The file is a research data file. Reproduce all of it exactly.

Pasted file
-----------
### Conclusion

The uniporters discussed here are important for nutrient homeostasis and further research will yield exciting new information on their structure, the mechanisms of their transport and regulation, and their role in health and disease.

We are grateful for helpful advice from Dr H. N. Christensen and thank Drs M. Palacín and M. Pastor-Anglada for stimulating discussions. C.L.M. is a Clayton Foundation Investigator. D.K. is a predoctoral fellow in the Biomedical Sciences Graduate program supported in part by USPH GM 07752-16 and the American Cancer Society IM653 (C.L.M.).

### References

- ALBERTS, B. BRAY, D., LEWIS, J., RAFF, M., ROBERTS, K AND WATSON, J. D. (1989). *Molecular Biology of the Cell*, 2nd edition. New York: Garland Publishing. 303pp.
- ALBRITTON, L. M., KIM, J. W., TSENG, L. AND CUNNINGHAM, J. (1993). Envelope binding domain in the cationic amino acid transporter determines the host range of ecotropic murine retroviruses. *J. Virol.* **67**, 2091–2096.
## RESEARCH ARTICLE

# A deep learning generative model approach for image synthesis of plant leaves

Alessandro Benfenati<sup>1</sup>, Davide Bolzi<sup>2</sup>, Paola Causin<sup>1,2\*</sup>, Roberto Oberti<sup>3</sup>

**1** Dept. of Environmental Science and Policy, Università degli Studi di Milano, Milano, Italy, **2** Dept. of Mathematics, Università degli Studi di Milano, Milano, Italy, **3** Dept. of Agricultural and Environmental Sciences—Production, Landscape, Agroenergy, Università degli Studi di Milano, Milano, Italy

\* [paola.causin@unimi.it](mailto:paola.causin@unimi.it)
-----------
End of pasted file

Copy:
### Conclusion

The uniporters discussed here are important for nutrient homeostasis and further research will yield exciting new information on their structure, the mechanisms of their transport and regulation, and their role in health and disease.

We are grateful for helpful advice from Dr H. N. Christensen and thank Drs M. Palacín and M. Pastor-Anglada for stimulating discussions. C.L.M. is a Clayton Foundation Investigator. D.K. is a predoctoral fellow in the Biomedical Sciences Graduate program supported in part by USPH GM 07752-16 and the American Cancer Society IM653 (C.L.M.).

### References

- ALBERTS, B. BRAY, D., LEWIS, J., RAFF, M., ROBERTS, K AND WATSON, J. D. (1989). *Molecular Biology of the Cell*, 2nd edition. New York: Garland Publishing. 303pp.
- ALBRITTON, L. M., KIM, J. W., TSENG, L. AND CUNNINGHAM, J. (1993). Envelope binding domain in the cationic amino acid transporter determines the host range of ecotropic murine retroviruses. *J. Virol.* **67**, 2091–2096.
## RESEARCH ARTICLE

# A deep learning generative model approach for image synthesis of plant leaves

Alessandro Benfenati<sup>1</sup>, Davide Bolzi<sup>2</sup>, Paola Causin<sup>1,2\*</sup>, Roberto Oberti<sup>3</sup>

**1** Dept. of Environmental Science and Policy, Università degli Studi di Milano, Milano, Italy, **2** Dept. of Mathematics, Università degli Studi di Milano, Milano, Italy, **3** Dept. of Agricultural and Environmental Sciences—Production, Landscape, Agroenergy, Università degli Studi di Milano, Milano, Italy

\* [paola.causin@unimi.it](mailto:paola.causin@unimi.it)